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71. Of the barbarians, the infantry of the Persians and the cavalry of the Sacae most distinguished themselves; and Mardonius is said to have shown himself the bravest man. Of the Greeks, though the Tegeans and Athenians showed great bravery, the Lacedaemonians exceeded in valour. I can prove this in no other way, (for all these conquered those opposed to them,) except that they were engaged with the strongest part of the enemy's army, and conquered them. And in my opinion Aristodemus proved himself by far the bravest: he being the only one of the three hundred saved from Thermopylae, was held in disgrace and dishonour. After him, Posidonius, Philocyon, and Amompharetus the Spartan, most distinguished themselves. However, when it was debated which of them had been the bravest, the Spartans who were present decided, that Aristodemus, evidently wishing to die on account of the disgrace attached to him, and acting like a madman, and leaving the ranks, had performed great deeds; but that Posidonius, not wishing to die, had shown himself a brave man ; and therefore that he was the better. Perhaps, however, they may have said this through envy. All these that I have mentioned, except Aristodemus, of those that died in this battle, were honoured, but Aristodemus, wishing to die on account of the before-mentioned guilt, was not honoured. 72. These, then, were they who acquired the greatest renown at Plataea. For Callicratides died out of the battle, who came to the army the handsomest man of the Greeks of that day, not only of the Lacedaemonians themselves, but also of the other Greeks; he, when Pausanias was sacrificing, was wounded in the side by an arrow ; and then they fought, but he being carried off, regretted his death, and said to Arimnestus a Plataean, that he did not grieve at dying for Greece, but at not having used his arm, and at not having performed any deed worthy of himself, though he desired to perform it. 73. Of the Athenians, Sophanes, son of Eutychides, of the borough of Decelea, is said to have acquired great renown; of the Deceleans, who had once performed an action that was beneficial for all future time, as the Athenians themselves say. For in ancient time, when the Tyndaridae entered the Attic territory with a numerous army in search of Helen, and drove out the people, not knowing where Helen had been carried to, then they say that the Deceleans, but some say that Decelus himself, being indignant at the insolence of Theseus, and alarmed for the whole country of the Athenians, discovered the whole matter to them, and conducted them to Aphidnae, which Titacus, a native of the place, delivered up to the Tyndaridae. In consequence of that action, the Deceleans in Sparta continue to enjoy immunity from tribute and precedence up to the present time, so that in the war that occurred many years after these events between the Athenians and Peloponnesians, when the Lacedaemonians ravaged the rest of Attica, they abstained from Decelea. 74. Of this borough was Sophanes, and having at that time distinguished himself above all the Athenians, he has two different accounts given of him. One, that he carried an iron anchor fastened by a brass chain from the girdle of his cuirass; which, when he approached the enemy, he used to throw out, in order that the enemy, rushing from their ranks, might not be able to move him from his position; and when the flight of his adversaries took place, he determined to take up the anchor and so pursue. Thus this account is given. But the other account, varying from that before given, relates, that on his shield, which constantly turned round and was never at rest, he wore an anchor as a device, and not one of iron fastened from his cuirass. 75. There is also another splendid feat done by Sophanes, for that when the Athenians invested AEgina, he challenged and slew Eurybates of Argos, who had been victor in the pentathlum. But some time after these events it befel this Sophanes, who proved himself a brave man, as he was commanding the Athenians jointly with Leagrus, son of Glaucon, to die at the hands of the Edoni at Datus, as he was fighting for the gold mines. 76. When the barbarians were overthrown by the Greeks at Plataea, thereupon a woman came voluntarily over to them; who, when she learnt that the Persians had perished, and that the Greeks were victorious, being a concubine of Pharandates, son of Theaspes, a Persian, having decked herself and her attendants in much gold, and in the richest attire she had, alighted from her carriage, and advanced towards the Lacedaemonians, who were still employed in slaughter, and when she observed that Pausanias directed every thing, having before become acquainted with his name and country, since she had often heard of them, she knew it must be Pausanias, and embracing his knees, spoke as follows: “King of Sparta, de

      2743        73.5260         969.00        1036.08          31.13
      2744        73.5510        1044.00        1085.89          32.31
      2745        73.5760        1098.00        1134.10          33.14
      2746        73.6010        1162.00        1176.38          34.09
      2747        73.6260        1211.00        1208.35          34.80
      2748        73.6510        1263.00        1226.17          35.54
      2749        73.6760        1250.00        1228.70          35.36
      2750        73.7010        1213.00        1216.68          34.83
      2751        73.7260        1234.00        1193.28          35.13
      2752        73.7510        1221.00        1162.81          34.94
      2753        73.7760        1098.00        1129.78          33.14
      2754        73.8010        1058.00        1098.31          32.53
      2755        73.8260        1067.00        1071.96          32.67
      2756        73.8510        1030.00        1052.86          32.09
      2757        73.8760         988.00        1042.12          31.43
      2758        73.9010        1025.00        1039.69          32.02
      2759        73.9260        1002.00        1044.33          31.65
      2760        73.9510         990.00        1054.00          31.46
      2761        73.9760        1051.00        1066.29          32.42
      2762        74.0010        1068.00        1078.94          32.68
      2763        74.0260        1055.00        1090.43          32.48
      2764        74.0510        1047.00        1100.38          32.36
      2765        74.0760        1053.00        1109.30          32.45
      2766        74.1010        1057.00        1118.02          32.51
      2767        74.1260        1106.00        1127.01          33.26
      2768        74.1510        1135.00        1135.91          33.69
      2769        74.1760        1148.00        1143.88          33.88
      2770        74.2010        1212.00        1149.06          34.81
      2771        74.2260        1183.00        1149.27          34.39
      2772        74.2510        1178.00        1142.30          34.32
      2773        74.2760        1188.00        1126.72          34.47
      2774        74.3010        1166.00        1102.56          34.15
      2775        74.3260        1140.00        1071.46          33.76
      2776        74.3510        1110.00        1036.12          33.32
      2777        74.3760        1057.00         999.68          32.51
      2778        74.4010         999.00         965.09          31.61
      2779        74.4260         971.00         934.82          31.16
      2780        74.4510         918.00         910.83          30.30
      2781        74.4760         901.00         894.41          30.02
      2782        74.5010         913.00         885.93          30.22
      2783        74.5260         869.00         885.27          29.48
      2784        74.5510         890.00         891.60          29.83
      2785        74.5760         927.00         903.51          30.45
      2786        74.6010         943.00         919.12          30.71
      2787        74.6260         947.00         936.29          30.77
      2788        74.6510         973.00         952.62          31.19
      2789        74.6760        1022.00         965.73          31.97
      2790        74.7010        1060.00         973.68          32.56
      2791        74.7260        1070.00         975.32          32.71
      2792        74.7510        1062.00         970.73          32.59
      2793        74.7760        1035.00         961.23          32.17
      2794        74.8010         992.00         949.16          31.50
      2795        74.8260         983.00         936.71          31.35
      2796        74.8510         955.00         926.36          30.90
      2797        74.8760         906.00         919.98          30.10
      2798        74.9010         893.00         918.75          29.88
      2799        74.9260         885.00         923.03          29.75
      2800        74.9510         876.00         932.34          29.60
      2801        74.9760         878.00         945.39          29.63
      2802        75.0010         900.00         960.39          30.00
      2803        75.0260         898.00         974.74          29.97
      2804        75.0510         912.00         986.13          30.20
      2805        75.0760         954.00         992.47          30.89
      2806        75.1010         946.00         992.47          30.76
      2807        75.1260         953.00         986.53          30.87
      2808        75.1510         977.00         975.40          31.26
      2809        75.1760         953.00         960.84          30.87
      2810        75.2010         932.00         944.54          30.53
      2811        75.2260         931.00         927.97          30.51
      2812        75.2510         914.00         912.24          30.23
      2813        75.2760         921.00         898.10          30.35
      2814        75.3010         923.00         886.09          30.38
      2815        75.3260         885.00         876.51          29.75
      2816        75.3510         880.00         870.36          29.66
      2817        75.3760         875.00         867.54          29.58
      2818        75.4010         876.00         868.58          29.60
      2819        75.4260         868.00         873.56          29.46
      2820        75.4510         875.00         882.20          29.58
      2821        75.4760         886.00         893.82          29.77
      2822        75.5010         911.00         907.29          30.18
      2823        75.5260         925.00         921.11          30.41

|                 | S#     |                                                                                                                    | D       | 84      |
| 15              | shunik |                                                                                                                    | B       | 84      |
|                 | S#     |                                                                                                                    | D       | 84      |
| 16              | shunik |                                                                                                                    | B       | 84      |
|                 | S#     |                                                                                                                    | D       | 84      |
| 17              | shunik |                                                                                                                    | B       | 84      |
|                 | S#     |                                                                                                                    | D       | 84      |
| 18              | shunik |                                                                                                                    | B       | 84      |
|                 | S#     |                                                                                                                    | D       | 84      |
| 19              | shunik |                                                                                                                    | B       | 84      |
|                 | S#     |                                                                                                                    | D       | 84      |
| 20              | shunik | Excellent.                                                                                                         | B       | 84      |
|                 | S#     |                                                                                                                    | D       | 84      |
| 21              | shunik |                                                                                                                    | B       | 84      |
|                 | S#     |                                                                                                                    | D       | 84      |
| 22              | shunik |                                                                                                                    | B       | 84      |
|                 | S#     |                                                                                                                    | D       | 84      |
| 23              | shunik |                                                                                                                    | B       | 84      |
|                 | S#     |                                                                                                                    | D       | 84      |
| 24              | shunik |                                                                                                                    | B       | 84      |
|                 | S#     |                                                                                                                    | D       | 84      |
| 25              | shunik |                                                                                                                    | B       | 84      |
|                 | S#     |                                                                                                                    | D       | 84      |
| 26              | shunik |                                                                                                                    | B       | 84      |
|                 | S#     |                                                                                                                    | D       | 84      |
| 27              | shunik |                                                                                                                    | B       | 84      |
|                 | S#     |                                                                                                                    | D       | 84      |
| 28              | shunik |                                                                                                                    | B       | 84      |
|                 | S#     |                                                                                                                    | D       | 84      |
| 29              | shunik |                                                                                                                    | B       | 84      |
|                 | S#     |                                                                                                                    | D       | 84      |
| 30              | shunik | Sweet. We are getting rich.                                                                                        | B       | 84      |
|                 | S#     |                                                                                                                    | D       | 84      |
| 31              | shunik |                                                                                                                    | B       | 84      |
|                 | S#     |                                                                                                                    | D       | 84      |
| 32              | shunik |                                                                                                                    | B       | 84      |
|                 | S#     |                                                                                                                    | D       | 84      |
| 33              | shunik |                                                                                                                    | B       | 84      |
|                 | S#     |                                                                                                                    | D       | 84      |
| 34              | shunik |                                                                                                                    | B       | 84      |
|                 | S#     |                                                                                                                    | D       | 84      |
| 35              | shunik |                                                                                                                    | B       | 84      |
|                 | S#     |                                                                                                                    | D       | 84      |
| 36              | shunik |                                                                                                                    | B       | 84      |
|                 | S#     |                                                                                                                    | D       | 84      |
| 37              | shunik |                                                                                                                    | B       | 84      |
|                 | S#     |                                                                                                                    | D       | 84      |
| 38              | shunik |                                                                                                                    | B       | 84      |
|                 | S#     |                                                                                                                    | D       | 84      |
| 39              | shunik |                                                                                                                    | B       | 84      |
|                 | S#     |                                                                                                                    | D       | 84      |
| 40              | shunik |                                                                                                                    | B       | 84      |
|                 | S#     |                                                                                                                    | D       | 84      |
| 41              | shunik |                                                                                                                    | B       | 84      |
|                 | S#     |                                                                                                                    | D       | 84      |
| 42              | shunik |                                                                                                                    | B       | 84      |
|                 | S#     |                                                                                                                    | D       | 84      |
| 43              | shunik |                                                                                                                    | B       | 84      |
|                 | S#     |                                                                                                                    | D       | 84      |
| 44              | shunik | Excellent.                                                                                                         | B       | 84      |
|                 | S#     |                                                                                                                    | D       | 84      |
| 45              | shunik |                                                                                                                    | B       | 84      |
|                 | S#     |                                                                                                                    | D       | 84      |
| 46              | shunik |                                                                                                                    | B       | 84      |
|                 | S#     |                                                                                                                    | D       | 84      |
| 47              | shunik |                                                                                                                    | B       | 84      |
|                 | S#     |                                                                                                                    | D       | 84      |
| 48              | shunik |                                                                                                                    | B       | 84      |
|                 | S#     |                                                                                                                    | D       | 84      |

liver me, your suppliant, from captive servitude; for you have thus far benefited me, by destroying these men, who pay no regard either to gods or heroes. I am by birth a Coan, daughter to Hegetorides, son of Antagoras. The Persian having taken me away by force at Cos, kept me.” He answered as follows: “Lady, be of good heart, both as a suppliant, and moreover, if you have spoken the truth, and are indeed the daughter of Hegetorides the Coan, who is the best friend I have of all who dwell in those parts.” Having thus spoken, he committed her to the care of the ephori, who were present; and afterwards sent her to Ægina, where she herself wished to go. 77. Presently after the arrival of the lady, the Mantineans came up when all was over ; and finding they were come too late for the engagement, they considered it a great calamity, and confessed that they deserved to be punished. But being informed that the Medes with Artabazus had fled, they wished to pursue them as far as Thessaly; but the Lacedaemonians dissuaded them from pursuing the fugitives. They therefore, having returned to their own country, banished the generals of their army from the land. After the Mantineans came the Eleans: and the Eleans, in the same manner as the Mantineans, considering it a calamity, marched away; and they also on their return home banished their generals. Such were the events relating to the Mantineans and Eleans. 78. In the camp of the AEginetae at Plataea, was Lampon, son of Pytheas, one of the most eminent of the AEginetae : he having a most iniquitous proposal to make, went to Pausanias; and having come into his presence, spoke with earnestness as follows: “Son of Cleombrotus, a superhuman feat has been achieved by you, both on account of its greatness and splendour; and God has granted to you, by delivering Greece, to acquire the greatest renown of all the Greeks whom we know of. But do you complete what remains to be done after this, in order that still greater fame may attend you, and henceforth every barbarian may beware of attempting to do wicked deeds against the Greeks. For when Leonidas died at Thermopylae, Mardonius and Xerxes, having cut off his head, fixed it on a pole. By requiting him in the same manner, you will have praise first from all the Spartans, and then from the rest of the Greeks. For by impaling Mardonius, you will avenge your uncle Leonidas.” He spoke thus, thinking to gratify Pausanias. 79. But he answered as follows: “AFginetan friend, I admire your good intentions and your foresight; but you have failed to form a right judgment; for having highly extolled me, my country, and my achievement, you have thrown all down again to nothing, by advising me to insult a dead body, and saying, that if I do so I shall increase my fame, which is more fit for barbarians to do than Greeks, and which we abhor even in them. I cannot therefore in this matter please the AEginetae, nor those to whom such things would be pleasing; it is sufficient for me to please the Spartans, by doing and speaking what is right. As for Leonidas, whose death you exhort me to avenge, I affirm, that he has been amply avenged ; both he and all the others who fell at Thermopylae, have been avenged by the countless deaths of these men. However, do not you hereafter come to me with such a proposal, nor give such advice; and be thankful that you escape unpunished.” He having received this answer, went away. 80. Pausanias, having made proclamation that no one should touch the booty, commanded the helots to bring together all the treasures. They accordingly, dispersing themselves through the camp, found tents decked with gold and silver, and couches gilt, and plated and golden bowls, and cups and other drinking vessels; they also found sacks on the waggons in which were discovered gold and silver caldrons: and from the bodies that lay dead they stripped bracelets, necklaces, and scymetars of gold; but no account at all was taken of the variegated apparel. Here the helots stole a great deal and sold it to the AEginetae, and they also produced a great deal, such of it as they could not conceal: so that the great wealth of the AEginetae hence had its beginning, for that they purchased gold from the helots as if it had been brass. 81. Having collected the treasures together, and taken from them a tithe for the god at Delphi, from which the golden tripod was dedicated, which stands on the three-headed brazen serpent, close to the altar; and having taken out a tithe for the god at Olympia, from which they dedicated the brazen Jupiter, ten cubits high; and a tithe to the god at the Isthmus, from which was made the brazen Neptune, seven cubits high ; having taken out these, they divided the rest, and each took the share they were entitled to, as well the concubines of the Persians,